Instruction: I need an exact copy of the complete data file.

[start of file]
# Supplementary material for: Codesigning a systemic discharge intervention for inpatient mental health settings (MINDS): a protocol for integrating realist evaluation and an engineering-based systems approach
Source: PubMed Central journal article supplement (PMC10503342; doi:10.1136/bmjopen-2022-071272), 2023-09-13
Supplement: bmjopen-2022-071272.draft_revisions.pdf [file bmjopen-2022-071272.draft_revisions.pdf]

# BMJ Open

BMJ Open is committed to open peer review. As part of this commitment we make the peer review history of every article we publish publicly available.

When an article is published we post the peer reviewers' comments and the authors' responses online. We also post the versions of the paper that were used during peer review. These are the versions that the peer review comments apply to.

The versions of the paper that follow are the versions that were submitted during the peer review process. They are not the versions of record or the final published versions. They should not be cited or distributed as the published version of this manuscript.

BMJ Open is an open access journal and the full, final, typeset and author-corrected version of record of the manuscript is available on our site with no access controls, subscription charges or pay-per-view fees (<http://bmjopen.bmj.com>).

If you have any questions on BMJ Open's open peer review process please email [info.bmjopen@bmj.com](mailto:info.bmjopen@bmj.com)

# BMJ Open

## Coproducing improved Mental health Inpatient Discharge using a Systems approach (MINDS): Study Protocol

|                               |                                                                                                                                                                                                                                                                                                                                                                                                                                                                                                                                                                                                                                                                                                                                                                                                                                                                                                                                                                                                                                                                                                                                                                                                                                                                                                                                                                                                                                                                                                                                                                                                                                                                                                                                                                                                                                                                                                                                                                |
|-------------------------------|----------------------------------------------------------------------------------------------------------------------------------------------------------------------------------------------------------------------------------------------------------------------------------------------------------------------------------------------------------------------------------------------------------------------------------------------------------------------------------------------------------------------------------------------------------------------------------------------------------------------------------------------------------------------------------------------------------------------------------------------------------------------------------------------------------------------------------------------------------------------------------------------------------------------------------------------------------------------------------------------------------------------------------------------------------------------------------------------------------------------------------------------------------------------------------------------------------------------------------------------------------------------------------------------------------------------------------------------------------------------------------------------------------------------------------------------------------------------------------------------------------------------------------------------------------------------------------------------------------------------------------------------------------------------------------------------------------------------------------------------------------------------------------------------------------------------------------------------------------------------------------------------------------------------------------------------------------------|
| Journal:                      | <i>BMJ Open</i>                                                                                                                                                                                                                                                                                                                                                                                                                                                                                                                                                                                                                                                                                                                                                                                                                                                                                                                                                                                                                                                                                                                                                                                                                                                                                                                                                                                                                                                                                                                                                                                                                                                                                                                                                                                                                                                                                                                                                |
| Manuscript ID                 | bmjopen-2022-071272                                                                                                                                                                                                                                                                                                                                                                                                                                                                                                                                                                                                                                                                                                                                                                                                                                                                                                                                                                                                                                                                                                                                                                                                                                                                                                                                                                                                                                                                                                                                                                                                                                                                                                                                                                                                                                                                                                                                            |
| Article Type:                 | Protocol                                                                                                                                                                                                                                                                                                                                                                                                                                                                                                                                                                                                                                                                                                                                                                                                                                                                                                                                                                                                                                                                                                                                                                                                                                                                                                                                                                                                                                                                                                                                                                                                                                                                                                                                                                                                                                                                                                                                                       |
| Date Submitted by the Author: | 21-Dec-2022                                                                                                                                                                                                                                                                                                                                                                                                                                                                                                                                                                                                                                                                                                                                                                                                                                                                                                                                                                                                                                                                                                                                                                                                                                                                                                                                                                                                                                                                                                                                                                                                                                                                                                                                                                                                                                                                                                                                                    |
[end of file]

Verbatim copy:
# Supplementary material for: Codesigning a systemic discharge intervention for inpatient mental health settings (MINDS): a protocol for integrating realist evaluation and an engineering-based systems approach
Source: PubMed Central journal article supplement (PMC10503342; doi:10.1136/bmjopen-2022-071272), 2023-09-13
Supplement: bmjopen-2022-071272.draft_revisions.pdf [file bmjopen-2022-071272.draft_revisions.pdf]

# BMJ Open

BMJ Open is committed to open peer review. As part of this commitment we make the peer review history of every article we publish publicly available.

When an article is published we post the peer reviewers' comments and the authors' responses online. We also post the versions of the paper that were used during peer review. These are the versions that the peer review comments apply to.

The versions of the paper that follow are the versions that were submitted during the peer review process. They are not the versions of record or the final published versions. They should not be cited or distributed as the published version of this manuscript.

BMJ Open is an open access journal and the full, final, typeset and author-corrected version of record of the manuscript is available on our site with no access controls, subscription charges or pay-per-view fees (<http://bmjopen.bmj.com>).

If you have any questions on BMJ Open's open peer review process please email [info.bmjopen@bmj.com](mailto:info.bmjopen@bmj.com)

# BMJ Open

## Coproducing improved Mental health Inpatient Discharge using a Systems approach (MINDS): Study Protocol

|                               |                                                                                                                                                                                                                                                                                                                                                                                                                                                                                                                                                                                                                                                                                                                                                                                                                                                                                                                                                                                                                                                                                                                                                                                                                                                                                                                                                                                                                                                                                                                                                                                                                                                                                                                                                                                                                                                                                                                                                                |
|-------------------------------|----------------------------------------------------------------------------------------------------------------------------------------------------------------------------------------------------------------------------------------------------------------------------------------------------------------------------------------------------------------------------------------------------------------------------------------------------------------------------------------------------------------------------------------------------------------------------------------------------------------------------------------------------------------------------------------------------------------------------------------------------------------------------------------------------------------------------------------------------------------------------------------------------------------------------------------------------------------------------------------------------------------------------------------------------------------------------------------------------------------------------------------------------------------------------------------------------------------------------------------------------------------------------------------------------------------------------------------------------------------------------------------------------------------------------------------------------------------------------------------------------------------------------------------------------------------------------------------------------------------------------------------------------------------------------------------------------------------------------------------------------------------------------------------------------------------------------------------------------------------------------------------------------------------------------------------------------------------|
| Journal:                      | <i>BMJ Open</i>                                                                                                                                                                                                                                                                                                                                                                                                                                                                                                                                                                                                                                                                                                                                                                                                                                                                                                                                                                                                                                                                                                                                                                                                                                                                                                                                                                                                                                                                                                                                                                                                                                                                                                                                                                                                                                                                                                                                                |
| Manuscript ID                 | bmjopen-2022-071272                                                                                                                                                                                                                                                                                                                                                                                                                                                                                                                                                                                                                                                                                                                                                                                                                                                                                                                                                                                                                                                                                                                                                                                                                                                                                                                                                                                                                                                                                                                                                                                                                                                                                                                                                                                                                                                                                                                                            |
| Article Type:                 | Protocol                                                                                                                                                                                                                                                                                                                                                                                                                                                                                                                                                                                                                                                                                                                                                                                                                                                                                                                                                                                                                                                                                                                                                                                                                                                                                                                                                                                                                                                                                                                                                                                                                                                                                                                                                                                                                                                                                                                                                       |
| Date Submitted by the Author: | 21-Dec-2022                                                                                                                                                                                                                                                                                                                                                                                                                                                                                                                                                                                                                                                                                                                                                                                                                                                                                                                                                                                                                                                                                                                                                                                                                                                                                                                                                                                                                                                                                                                                                                                                                                                                                                                                                                                                                                                                                                                                                    |